It's hard to deny he doesn't

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So Pete Wells (who is the NYT's restaurant critic) wrote an epically bad review of Guy Fieri's American Kitchen & Bar in Times Square (sample line: "Somewhere within the yawning, three-level interior of Guy’s American Kitchen & Bar, is there a long refrigerated tunnel that servers have to pass through to make sure that the French fries, already limp and oil-sogged, are also served cold?").

And Guy Fieri, who has a regular show on the Food Network ("Guy's Big Bite"), struck back with an interview on the Today Show (""I just thought it was ridiculous," Fieri, 44, said Thursday. "I've read reviews. There's good and there's bad in the restaurant business. But that, to me, went so overboard. It really seemed like there was another agenda.")

So does Pete Wells indeed have another agenda?

Amos Barshad, "The Culture Wars: Guy Fieri vs. the New York Times",  Grantland 11/15/2012 (emphasis added):

Lowbrow vs. highbrow, authenticity vs. cultural appropriation, the virtues of coastal elitism: Surprisingly, this Guy Fieri kerfuffle became a bit more of a nuanced conversation than you'd first expect. Like, when the satisfied patron in the Today show clip (the big fan of the Awesome Pretzel Chicken Tenders) calls Wells "another pompous New Yorker," well, you could probably sit around parsing that one out for a while. And so it's worthwhile going back to Wells's original review and asking yourself: Does he have an agenda? I'd say it's hard to deny he doesn't — as many have pointed out, there's a reason Wells reviewed Guy Fieri's place and not, say, the Times Square outpost of Bubba Gump Shrimp Co. And that reason is that Fieri stands for something, and so reviewing his restaurant is a way at getting at Fieri as a symbol.

Another one for the misnegation files.

Phrases of the general form "it's hard to deny (that) he doesn't __", like phrases of the general form "this is not to say that I don't think that it isn't ___", are a sort of highbrow form of negative concord — more often than not, the negations reinforce rather than cancelling. Some web examples:

I’ve never actually been a hard and fast fan, but it’s hard to deny he didn’t play a big part in the sounds of my youth.
It's hard to deny he didn't suck all of the beauty and passion out of everything he touched.
Love her or hate her, it's hard to deny she doesn't look great here.
I can see how some people wouldn't like her voice so I don't discredit their opinions but I just think it's hard to deny she doesn't have supreme talent!
as much as I’d love to see him on the big screen, it’s hard to deny he doesn’t belong in music after hearing some of his works.
Filatov doesn't have the experience but it's hard to deny he won't be a top 6 forward at some point.
With a performance like this, it's hard to deny he isn't the MVP.
Even if you don't necessarily approve of Goddard's big twist, it's hard to deny he isn't perfectly suited for Buffy's quirky world of vampires and slayers.
We were fortunate to get into the changing rooms at half time with the score at 1-1, but it's hard to deny that we didn't deserve the spanking that West Brom eventually handed us.

There is just so much stuff that connects. It's kind of hard to deny that something isn't going on behind the scenes.
It is hard to deny that there isn't strong talent this year.
It's hard to deny that the film isn't well made, and it's overall pretty fun and exciting.
Even though the melodies still remain as a focal point for RAGE, it's hard to deny that this isn't their most aggressive album to date.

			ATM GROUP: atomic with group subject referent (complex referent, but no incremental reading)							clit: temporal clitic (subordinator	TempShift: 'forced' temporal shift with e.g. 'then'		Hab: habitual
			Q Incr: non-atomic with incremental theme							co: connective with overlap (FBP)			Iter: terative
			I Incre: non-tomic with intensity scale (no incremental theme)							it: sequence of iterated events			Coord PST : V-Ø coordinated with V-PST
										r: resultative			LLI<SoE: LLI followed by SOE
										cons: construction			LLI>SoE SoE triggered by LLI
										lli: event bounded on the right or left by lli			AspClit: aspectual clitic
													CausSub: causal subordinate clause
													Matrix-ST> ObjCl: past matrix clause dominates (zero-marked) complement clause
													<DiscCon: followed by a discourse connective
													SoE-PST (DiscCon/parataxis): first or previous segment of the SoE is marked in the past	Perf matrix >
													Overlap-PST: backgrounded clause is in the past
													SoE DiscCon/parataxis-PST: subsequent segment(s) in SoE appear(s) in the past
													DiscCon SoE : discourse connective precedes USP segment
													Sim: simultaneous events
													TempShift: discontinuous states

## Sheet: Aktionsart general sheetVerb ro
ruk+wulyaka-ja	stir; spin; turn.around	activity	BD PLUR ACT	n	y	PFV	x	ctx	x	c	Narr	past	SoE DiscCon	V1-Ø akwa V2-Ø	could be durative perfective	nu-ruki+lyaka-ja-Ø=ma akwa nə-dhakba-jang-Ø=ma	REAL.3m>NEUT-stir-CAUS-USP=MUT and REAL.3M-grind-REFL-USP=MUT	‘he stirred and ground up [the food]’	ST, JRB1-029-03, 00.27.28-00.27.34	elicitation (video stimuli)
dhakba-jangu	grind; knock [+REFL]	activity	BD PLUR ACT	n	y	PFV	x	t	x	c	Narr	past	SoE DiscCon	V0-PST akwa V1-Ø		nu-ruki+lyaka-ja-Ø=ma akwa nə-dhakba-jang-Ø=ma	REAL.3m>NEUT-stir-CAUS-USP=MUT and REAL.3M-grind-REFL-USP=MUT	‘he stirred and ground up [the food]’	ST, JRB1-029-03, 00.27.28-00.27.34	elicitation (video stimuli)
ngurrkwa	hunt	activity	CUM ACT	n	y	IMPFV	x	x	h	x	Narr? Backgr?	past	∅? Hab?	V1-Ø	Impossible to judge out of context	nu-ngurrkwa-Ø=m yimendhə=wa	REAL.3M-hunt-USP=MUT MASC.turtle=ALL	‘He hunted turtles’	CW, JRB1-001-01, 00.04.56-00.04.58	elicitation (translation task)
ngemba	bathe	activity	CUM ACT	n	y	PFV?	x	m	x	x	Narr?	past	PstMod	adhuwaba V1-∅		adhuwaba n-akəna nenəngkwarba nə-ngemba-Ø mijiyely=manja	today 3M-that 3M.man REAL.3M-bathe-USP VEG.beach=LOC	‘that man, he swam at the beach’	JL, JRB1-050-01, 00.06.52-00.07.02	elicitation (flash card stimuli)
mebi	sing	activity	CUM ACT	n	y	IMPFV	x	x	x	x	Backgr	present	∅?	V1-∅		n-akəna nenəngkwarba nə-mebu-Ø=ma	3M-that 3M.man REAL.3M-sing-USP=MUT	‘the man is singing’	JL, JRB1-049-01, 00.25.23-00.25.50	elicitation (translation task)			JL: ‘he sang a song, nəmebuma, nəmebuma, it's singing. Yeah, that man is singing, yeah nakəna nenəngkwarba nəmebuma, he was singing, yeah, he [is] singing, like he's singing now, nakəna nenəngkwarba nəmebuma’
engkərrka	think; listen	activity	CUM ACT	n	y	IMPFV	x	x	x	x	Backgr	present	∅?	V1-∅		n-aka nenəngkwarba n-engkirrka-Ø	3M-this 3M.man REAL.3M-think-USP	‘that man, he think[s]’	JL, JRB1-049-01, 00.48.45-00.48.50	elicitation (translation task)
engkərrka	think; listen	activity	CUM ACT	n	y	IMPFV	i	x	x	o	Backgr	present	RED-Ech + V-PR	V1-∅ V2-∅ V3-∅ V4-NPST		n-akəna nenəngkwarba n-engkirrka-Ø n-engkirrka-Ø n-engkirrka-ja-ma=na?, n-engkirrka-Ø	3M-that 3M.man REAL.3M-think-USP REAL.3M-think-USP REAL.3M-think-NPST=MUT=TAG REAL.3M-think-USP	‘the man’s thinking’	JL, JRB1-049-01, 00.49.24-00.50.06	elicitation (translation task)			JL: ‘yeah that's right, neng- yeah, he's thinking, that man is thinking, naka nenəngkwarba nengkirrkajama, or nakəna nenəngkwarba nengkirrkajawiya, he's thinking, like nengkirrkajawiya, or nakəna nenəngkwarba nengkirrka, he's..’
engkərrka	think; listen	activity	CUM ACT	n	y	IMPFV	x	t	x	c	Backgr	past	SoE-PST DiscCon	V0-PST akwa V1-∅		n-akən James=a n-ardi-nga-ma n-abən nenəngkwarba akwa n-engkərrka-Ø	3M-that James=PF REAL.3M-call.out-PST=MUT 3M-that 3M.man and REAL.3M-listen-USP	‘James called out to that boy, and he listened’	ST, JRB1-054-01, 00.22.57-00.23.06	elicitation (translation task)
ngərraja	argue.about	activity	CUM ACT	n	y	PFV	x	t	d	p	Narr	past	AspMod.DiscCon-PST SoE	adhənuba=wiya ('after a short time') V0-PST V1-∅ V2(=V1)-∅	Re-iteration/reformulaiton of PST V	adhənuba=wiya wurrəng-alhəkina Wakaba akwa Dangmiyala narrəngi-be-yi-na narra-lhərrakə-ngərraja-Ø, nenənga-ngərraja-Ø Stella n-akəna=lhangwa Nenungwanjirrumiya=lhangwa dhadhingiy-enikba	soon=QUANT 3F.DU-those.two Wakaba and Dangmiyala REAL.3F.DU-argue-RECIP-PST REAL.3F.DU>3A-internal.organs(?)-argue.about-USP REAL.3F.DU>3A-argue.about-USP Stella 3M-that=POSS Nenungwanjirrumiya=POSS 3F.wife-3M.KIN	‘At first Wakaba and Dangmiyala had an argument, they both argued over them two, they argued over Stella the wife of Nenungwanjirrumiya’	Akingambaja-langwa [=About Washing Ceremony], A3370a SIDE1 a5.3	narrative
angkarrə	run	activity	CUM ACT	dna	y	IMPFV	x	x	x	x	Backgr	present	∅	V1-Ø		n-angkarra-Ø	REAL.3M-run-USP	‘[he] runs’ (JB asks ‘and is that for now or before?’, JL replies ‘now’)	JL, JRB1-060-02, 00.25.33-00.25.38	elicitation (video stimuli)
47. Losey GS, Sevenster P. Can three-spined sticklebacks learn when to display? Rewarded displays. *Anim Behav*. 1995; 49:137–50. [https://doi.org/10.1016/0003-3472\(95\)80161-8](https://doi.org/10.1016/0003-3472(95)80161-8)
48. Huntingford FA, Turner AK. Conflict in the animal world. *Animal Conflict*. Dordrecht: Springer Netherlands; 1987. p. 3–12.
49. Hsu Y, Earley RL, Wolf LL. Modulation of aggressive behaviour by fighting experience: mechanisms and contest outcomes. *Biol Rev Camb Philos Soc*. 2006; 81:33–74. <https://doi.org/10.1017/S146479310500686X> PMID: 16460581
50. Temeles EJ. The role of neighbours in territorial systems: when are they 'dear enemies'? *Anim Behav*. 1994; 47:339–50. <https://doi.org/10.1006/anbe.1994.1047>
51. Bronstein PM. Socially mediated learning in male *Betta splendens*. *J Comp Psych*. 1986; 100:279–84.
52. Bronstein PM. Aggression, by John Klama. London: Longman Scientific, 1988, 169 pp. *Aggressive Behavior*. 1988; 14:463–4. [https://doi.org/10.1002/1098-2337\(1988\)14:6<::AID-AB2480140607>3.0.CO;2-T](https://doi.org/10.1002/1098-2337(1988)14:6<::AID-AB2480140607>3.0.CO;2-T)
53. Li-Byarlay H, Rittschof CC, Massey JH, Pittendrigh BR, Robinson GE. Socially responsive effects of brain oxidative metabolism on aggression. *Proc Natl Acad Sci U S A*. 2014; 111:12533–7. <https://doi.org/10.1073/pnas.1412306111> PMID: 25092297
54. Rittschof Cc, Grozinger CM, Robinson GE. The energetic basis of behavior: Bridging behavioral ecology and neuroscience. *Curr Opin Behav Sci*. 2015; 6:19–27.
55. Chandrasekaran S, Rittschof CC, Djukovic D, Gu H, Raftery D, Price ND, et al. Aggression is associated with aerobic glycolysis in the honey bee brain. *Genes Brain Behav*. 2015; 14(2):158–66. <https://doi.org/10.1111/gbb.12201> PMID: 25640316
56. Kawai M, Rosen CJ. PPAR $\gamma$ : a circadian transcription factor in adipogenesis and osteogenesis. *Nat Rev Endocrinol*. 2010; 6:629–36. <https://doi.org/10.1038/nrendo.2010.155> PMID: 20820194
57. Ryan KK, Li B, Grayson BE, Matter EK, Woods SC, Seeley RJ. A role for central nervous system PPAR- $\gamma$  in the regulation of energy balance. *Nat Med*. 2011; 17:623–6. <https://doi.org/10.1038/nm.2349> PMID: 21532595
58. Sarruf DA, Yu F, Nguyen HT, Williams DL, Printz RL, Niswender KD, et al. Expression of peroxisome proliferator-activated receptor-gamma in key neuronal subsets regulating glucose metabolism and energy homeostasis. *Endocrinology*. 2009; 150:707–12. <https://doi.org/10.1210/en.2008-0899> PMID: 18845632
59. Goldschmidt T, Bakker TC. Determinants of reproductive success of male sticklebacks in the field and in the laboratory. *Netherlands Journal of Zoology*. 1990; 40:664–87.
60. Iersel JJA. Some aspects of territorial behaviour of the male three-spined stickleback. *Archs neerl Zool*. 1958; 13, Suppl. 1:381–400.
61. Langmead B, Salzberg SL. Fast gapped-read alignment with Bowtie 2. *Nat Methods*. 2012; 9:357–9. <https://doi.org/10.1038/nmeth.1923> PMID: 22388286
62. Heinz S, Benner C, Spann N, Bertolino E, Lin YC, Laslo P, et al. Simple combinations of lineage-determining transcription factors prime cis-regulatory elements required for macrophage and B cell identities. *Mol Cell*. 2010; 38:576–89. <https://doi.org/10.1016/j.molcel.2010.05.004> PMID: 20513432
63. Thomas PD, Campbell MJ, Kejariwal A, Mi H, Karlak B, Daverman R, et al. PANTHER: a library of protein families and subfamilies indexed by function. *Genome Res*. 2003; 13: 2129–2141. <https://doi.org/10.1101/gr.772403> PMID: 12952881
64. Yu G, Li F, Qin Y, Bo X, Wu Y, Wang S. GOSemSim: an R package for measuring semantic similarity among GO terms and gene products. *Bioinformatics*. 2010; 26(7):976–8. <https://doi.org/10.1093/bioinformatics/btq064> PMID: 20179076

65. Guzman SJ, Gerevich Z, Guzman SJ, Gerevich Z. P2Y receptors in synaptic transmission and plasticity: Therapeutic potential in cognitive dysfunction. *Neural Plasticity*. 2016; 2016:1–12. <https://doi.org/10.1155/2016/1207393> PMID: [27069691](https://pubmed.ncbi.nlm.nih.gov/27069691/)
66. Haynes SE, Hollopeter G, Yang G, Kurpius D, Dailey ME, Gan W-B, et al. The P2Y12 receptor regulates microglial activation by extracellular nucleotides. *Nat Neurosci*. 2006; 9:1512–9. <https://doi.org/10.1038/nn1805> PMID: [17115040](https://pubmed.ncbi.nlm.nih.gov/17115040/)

While many of us hate the look of TouchWiz, it's hard to deny that Samsung isn't trying to pack it full of industry leading features.
It would be hard to deny that he didn't score some superb goals at an amazing rate last season.
However, it's hard to deny that Baidu didn't have a strong quarter when pre-tax profits still rose by a sharp 56%.

There are also a few examples where the negations each play their individual semantic role:

it's hard to deny that the system isn't working.
Love her or hate her, it's hard to deny that Barbie isn't just a doll; she is a cultural icon.
We're 6 months down the line and all I hear this day is how swtor is dying and it's hard to deny that swtor isn't in good condition right now.

And in some cases, I pretty much just give up and go with the contextually plausible meaning:

It's really hard to deny the power of the drop-shot, but it's not hard to deny that rigging them isn't exactly as quick and easy as tying on a crankbait.

[Tip of the hat to JPS]


  1. Pflaumbaum said,

    November 16, 2012 @ 9:54 am

    I was going to ask about negative concord the last time this came up. If we accept, with CGEL, that certain types of negative concord are grammatical, e.g.

    (1) Not in my car you don't

    (2) I shouldn't be surprised if it didn't rain

    – then there does seem to be an argument for classifying the kinds of misnegation myl mentions as such. They seem to be quite common in copy-edited prose (at least going by how often they crop up on LL). And while they may be much less common than versions with ordinary negation, the same is surely true of (2).

    So how do descriptivists like the CGEL authors decide when a usage is common / elite / uncontested enough to be classified as standard English?

  2. MattF said,

    November 16, 2012 @ 10:15 am

    Honestly, it's plausible that Wells, as the brand-new Times restaurant critic, wants to establish his credentials as a badass. One may say that Wells evidently has the means and the motive, and then Mr. Fieri went and offered him the opportunity.

    [(myl) Also, who could resist? But this is Language Log, not Psychology of Food Journalism Log.]

  3. jeff gerhard said,

    November 16, 2012 @ 11:54 am

    Also, the first sentence of that Grantland article describes Fieri as having a "gauche personal aesthetic and an unabiding devotion to anything fried repeatedly" where presumably he means "an abiding devotion."

  4. Lazar said,

    November 16, 2012 @ 12:07 pm